OFFICIAL SECURITY BLOG
February 28, 2014 | BY Christopher Boyd
Here’s a short round-up post for you, with news snippets and things to be aware of as we bring the week to a close.
1) The Google Scraper Report page is in the news, which allows webmasters to report sites to Google which swipe their content and end up with a better search result than the original content creator. The articles I’ve seen reference the page as being a new invention, but there are stories from back in 2011 referencing the same thing so I think this is more of a reminder from Matt Cutts than a “look what we just made”. All the same, if you see your content popping up on spam blogs and the like then feel free to visit the Scraper Report and submit your comments.
2) Emails which claim to be notices of eviction are doing the rounds, and they come with an attachment of malware which is likely being updated with each fresh wave of spam (thanks to MrTom for sending this over).
The mail reads as follows:
Subject: Move out notice
Date: Wed, 26 Feb 2014 12:46:29 -0500
Urgent notice of eviction,
We have to inform you about the eviction proceedings against you and the decision of the bank to foreclose on your property.
As a trespasser you need to move out until 25 March 2014 and leave the property empty of your belongings and any trash. Please contact our office without delay to make arrangements for a move out.
If you do not do this, you could be simply locked out of your home.
Detailed bank statement as well as our contact information
can be found in the attachment to this notice.
Real estate agency,
The malware has been covered in detail by my good friend Kimberly over at Stop Malvertising. Users of Malwarebytes Anti-Malware will find we detect the executable attached to the above message as Trojan.Downloader. This scam relies on the initial shock and panic of seeing such a message overriding the self-preservation instincts of the intended victim. Don’t fall for it!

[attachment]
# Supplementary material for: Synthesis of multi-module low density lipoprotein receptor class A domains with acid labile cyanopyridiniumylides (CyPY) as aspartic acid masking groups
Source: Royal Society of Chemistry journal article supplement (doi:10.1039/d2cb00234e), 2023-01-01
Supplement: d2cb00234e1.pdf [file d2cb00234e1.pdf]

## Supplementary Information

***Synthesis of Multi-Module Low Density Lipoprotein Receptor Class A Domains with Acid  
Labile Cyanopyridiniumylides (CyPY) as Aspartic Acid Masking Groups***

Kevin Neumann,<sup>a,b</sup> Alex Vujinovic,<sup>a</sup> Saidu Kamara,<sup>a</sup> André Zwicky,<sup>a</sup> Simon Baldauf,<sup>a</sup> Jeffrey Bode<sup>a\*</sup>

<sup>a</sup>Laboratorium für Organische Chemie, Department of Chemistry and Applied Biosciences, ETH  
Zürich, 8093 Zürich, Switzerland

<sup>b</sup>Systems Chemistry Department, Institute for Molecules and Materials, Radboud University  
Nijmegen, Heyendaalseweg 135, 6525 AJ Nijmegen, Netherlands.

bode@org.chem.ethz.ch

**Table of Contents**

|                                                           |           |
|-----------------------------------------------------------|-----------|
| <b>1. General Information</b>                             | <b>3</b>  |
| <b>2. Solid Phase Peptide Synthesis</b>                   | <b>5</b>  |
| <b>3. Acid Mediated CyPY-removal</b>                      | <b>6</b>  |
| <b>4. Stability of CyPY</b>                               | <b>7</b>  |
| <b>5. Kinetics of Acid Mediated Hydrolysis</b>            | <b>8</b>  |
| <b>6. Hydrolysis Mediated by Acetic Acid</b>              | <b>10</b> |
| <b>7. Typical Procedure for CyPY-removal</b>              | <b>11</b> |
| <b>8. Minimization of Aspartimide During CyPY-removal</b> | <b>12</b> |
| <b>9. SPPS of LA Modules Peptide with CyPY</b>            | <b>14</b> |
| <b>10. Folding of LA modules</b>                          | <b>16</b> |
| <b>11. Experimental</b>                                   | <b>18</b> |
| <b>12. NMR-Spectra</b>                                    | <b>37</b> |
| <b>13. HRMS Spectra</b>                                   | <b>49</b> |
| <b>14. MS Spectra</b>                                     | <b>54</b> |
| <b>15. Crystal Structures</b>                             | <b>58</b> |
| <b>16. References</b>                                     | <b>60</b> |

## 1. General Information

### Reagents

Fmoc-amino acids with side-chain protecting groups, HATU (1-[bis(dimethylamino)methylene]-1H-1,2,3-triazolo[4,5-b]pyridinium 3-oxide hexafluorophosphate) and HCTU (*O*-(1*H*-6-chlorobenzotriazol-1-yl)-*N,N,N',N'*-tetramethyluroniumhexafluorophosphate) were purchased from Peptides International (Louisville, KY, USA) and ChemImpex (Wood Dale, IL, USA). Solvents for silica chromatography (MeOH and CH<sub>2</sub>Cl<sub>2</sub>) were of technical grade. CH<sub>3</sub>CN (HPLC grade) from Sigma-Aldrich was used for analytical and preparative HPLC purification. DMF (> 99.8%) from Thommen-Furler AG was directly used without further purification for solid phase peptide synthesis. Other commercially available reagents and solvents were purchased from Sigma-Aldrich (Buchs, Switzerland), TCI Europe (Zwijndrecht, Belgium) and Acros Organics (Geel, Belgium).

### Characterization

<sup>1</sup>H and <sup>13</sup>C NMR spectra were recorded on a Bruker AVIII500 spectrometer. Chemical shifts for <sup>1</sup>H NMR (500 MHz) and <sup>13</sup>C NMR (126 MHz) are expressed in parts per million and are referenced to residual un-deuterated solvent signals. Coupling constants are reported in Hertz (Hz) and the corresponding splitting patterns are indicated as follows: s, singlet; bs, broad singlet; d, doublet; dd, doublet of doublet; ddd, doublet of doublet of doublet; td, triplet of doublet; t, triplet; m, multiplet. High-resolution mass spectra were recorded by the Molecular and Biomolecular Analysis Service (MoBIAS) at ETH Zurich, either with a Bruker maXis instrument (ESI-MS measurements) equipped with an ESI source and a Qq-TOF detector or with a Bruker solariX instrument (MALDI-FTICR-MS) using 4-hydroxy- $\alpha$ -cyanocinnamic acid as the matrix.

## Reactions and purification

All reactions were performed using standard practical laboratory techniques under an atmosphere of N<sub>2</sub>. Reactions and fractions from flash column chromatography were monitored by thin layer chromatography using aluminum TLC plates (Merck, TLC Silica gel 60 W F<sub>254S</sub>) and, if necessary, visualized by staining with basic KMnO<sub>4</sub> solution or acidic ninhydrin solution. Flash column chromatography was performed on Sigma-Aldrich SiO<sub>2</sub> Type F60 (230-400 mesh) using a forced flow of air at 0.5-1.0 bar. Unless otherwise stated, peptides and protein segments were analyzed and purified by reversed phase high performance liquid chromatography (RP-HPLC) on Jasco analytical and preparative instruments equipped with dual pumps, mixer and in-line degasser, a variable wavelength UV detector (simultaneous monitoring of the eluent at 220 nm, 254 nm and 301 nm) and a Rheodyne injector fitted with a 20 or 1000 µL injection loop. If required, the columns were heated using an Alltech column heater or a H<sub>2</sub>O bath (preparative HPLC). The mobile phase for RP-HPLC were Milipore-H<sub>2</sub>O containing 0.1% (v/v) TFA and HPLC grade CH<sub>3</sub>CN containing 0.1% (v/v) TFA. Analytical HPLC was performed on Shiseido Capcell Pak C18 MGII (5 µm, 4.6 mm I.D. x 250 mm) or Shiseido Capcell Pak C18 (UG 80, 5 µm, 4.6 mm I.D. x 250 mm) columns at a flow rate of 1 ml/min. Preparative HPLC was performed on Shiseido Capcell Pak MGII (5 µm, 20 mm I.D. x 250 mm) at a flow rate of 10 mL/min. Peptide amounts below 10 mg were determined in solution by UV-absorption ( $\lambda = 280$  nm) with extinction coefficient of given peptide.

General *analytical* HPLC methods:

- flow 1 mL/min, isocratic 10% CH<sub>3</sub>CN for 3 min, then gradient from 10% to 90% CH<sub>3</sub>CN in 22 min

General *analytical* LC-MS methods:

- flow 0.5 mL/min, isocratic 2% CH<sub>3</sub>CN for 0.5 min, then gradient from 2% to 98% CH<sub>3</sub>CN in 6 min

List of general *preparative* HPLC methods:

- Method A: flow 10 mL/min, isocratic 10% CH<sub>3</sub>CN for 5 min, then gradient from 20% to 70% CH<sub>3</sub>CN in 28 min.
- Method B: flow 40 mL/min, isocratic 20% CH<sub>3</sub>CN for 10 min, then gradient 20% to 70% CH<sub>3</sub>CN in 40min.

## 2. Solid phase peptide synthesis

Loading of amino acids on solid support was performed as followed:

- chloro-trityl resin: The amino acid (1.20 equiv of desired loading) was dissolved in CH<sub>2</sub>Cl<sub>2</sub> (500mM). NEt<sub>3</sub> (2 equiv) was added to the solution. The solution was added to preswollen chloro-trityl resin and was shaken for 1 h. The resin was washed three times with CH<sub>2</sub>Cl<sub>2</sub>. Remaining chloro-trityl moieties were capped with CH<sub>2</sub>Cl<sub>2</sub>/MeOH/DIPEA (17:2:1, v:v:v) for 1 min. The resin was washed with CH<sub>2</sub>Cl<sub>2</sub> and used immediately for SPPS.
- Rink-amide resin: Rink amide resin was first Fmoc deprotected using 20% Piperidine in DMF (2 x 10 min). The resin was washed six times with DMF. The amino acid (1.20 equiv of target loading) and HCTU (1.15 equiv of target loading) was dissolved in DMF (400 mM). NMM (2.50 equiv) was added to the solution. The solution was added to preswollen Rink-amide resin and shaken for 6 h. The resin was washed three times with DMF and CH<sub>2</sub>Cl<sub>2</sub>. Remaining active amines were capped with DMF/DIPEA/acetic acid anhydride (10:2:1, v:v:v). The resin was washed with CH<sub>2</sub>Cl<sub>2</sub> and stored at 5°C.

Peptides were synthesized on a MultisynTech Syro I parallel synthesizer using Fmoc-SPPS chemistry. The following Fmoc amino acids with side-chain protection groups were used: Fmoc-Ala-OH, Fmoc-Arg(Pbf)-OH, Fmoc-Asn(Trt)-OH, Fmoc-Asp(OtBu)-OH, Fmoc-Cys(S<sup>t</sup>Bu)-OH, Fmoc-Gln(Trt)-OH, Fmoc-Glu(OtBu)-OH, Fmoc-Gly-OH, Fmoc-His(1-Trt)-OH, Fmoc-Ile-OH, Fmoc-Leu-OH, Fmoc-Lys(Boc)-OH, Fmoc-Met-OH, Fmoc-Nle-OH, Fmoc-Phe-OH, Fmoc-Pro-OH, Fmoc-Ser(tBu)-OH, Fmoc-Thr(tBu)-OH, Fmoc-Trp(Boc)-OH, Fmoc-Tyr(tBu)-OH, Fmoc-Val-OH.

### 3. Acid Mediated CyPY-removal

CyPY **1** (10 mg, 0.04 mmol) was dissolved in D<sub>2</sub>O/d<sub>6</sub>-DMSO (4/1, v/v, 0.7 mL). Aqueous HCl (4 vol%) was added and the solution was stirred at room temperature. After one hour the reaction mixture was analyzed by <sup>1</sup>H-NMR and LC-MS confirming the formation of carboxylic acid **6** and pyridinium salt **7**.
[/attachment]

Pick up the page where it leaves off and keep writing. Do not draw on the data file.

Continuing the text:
3) Here’s a site offering up free Dogecoins, in return for filling in a survey. The more surveys you fill, the more coins you apparently receive. Each offer / install has a different value next to it.
The site asks you to follow the survey steps, which involves either handing over personal data to third party marketers / companies, and / or installing programs which will likely be bundled with things you may not have wanted in the first place.
Once you’ve finished, they ask you to use the “Contact Us” form which requires an email address, name and Dogecoin address (to send you your coins).
With the recent Mt Gox implosion, you may well have been considering a leap over to another digital currency. The site above may well hand out Dogecoins to those filling in the surveys / installing software, but participants should be fully aware of what they’re signing up to, what they’re installing and who they’re handing their data over to.
If, at that point, you’re happy to trade that off for a possible Dogecoin bonanza then ride that meme all the way to the moon.